Review: ‘Pearl’ delivers technicolor terror and killer talent

Midway through Pearl, Ti West’s prequel to X, a star is born. Mia Goth takes us through a mournful, confessional monologue that makes it clear she is an actor who has the range to compete with the best.

In this monologue, our titular antihero is confessing her various crimes and regrets to her sister-in-law, Misty (Emma Jenkins-Purro). It’s a long and winding speech where we learn all about Pearl’s regrets, rage, and grief over the hand she’s been dealt in life. Goth deftly moves from shameful tears to hot anger, to cold determination, all over the course of a few minutes.

We’re with her through every experience she recounts while the camera stays on her face. The pure empathy that monologue generates almost makes you forget we’re watching the origin story of X’s unlikely and ruthless villain. The larger-than-life feelings Pearl experiences are brought to life around her through the technicolor-inspired cinematography and shot composition, making for a beautiful, sometimes moving, and delightfully unhinged journey.

As alluded to in X, Pearl believes her youth is being wasted. She’s been given the hardscrabble life of a farm girl, dealing with her stern German mother, and caring for her disabled father when all she really wants is to be in the movies she loves. So what if she has to kill a few people along the way? What does a little bloodshed add up to against the power and pleasures of being seen and desired? At least that’s how Pearl sees it.

She will do whatever it takes to get off of the farm, even if we know she never makes it out in the end. The inevitability of Pearl’s life makes her a tragic figure, even in her more terrifying turns. While the film is clearly indebted to melodramas and technicolor spectaculars of the 1940s and 1950s, there is plenty of humor and horror around every corner. West never lets us forget we’re watching a slasher, even if it looks like it’s in technicolor.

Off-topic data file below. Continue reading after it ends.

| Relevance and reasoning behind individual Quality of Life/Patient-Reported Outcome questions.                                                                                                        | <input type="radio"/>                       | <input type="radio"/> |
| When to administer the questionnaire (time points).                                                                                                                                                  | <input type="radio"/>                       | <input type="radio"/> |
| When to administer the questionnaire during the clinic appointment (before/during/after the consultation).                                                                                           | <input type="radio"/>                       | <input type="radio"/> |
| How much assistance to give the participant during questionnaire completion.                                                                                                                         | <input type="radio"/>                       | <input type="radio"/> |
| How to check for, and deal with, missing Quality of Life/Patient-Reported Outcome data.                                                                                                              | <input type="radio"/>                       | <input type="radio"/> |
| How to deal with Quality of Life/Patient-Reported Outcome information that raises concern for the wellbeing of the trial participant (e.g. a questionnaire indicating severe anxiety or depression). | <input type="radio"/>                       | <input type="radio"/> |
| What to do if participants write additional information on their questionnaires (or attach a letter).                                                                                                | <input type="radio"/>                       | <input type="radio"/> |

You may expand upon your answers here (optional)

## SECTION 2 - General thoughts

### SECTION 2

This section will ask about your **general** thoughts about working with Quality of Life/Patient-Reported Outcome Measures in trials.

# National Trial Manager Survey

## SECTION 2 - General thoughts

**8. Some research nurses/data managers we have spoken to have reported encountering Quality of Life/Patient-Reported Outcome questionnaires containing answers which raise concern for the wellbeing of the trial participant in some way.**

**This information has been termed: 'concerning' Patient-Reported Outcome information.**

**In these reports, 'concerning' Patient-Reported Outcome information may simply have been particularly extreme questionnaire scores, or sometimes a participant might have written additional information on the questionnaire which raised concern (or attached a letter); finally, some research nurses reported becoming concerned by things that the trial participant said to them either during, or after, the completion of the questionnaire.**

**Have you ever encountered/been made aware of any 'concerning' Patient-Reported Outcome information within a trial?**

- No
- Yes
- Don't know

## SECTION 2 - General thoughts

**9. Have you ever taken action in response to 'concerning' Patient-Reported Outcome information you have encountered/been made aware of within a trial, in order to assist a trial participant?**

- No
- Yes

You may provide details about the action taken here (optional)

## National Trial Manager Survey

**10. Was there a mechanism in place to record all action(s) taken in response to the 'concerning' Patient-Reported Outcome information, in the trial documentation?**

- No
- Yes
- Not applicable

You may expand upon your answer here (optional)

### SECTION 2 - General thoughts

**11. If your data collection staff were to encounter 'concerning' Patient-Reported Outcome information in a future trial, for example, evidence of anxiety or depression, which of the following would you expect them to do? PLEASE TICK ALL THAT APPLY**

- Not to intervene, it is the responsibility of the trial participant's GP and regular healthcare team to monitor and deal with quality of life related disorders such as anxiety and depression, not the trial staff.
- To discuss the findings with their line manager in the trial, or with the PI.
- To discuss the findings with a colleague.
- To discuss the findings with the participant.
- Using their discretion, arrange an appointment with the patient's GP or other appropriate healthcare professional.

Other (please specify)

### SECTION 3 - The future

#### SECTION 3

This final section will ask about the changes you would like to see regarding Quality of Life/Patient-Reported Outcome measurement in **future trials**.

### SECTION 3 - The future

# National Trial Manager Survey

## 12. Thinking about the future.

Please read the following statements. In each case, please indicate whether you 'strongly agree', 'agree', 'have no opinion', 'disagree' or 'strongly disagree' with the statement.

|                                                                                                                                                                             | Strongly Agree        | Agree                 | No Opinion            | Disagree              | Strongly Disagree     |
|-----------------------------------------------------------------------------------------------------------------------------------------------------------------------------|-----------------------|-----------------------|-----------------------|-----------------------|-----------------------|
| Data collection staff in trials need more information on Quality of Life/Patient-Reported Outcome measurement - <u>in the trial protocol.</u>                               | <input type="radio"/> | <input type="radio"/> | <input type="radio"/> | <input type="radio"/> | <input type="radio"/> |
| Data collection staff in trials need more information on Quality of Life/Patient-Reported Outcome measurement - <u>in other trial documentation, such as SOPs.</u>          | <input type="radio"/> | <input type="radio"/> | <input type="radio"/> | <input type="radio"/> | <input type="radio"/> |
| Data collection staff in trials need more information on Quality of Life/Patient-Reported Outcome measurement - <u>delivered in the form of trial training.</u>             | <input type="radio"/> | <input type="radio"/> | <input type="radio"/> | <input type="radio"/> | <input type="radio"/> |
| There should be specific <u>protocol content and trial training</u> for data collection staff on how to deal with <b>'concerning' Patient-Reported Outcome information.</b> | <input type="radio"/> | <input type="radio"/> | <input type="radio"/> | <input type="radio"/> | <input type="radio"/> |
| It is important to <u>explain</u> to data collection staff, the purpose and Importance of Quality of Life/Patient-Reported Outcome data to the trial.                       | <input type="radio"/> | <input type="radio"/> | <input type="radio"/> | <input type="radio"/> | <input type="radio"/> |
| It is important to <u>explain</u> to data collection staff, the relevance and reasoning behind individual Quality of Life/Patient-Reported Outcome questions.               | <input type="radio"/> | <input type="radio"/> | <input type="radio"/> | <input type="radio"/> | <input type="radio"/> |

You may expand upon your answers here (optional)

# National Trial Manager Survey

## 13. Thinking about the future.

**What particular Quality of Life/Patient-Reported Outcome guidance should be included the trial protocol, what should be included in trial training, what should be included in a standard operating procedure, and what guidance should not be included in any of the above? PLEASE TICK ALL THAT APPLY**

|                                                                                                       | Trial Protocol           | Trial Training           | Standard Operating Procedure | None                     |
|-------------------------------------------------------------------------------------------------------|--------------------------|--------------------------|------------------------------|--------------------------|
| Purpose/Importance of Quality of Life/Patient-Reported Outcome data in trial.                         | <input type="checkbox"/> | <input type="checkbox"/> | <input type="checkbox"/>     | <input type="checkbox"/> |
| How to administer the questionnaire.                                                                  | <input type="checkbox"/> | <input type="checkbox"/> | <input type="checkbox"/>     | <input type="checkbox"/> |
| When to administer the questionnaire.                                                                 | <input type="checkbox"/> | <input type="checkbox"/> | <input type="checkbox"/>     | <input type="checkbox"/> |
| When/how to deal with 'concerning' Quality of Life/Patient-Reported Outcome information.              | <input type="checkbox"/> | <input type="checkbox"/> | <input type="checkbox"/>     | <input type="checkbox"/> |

Image via A24

The result is something unique. If X was a treatise on aging and filmmaking by way of the 1970s slasher, then Pearl is a bloodbath by way of The Wizard of Oz. It feels more preoccupied with the violence of repression and sacrifices some women had to (and still have to) endure at the time, but it’s all the better for it because the delights of this movie are in the colorful, curated details.

One of the best things about X was West’s clear admiration and attention to detail in his craft. It was hard to remember at times that X was something made in the 2020s, and not the 1970s. This attentiveness is on full display here, too, with every set piece and costuming choice grounding us in his ambitious aesthetic choices.

There are even echoes of Golden Age Hollywood musicals, and while no one sings, an audition turns into a morbid version of a Gene Kelly showstopper in Pearl’s mind, and we are right with her. We are also with her for the gruesome kills she commits along the way. Those worried there wouldn’t be as much carnage here need not: there are plenty of inventive, squirm-worthy dispatches here to watch (even if it’s through parted fingers).

Ultimately, Pearl is a unique and successful slasher prequel. It does something truly noteworthy in the genre: making a big swing through its melodrama-meets-slasher formula, and hitting it out of the park. It won’t be for everyone, and that’s okay! Folks who loved X will find plenty of daring work here, from the craftsmanship of the film to the performances. Come for the technicolor kills, and stay for the audacious, empathetic portrait of a new classic slasher villain.

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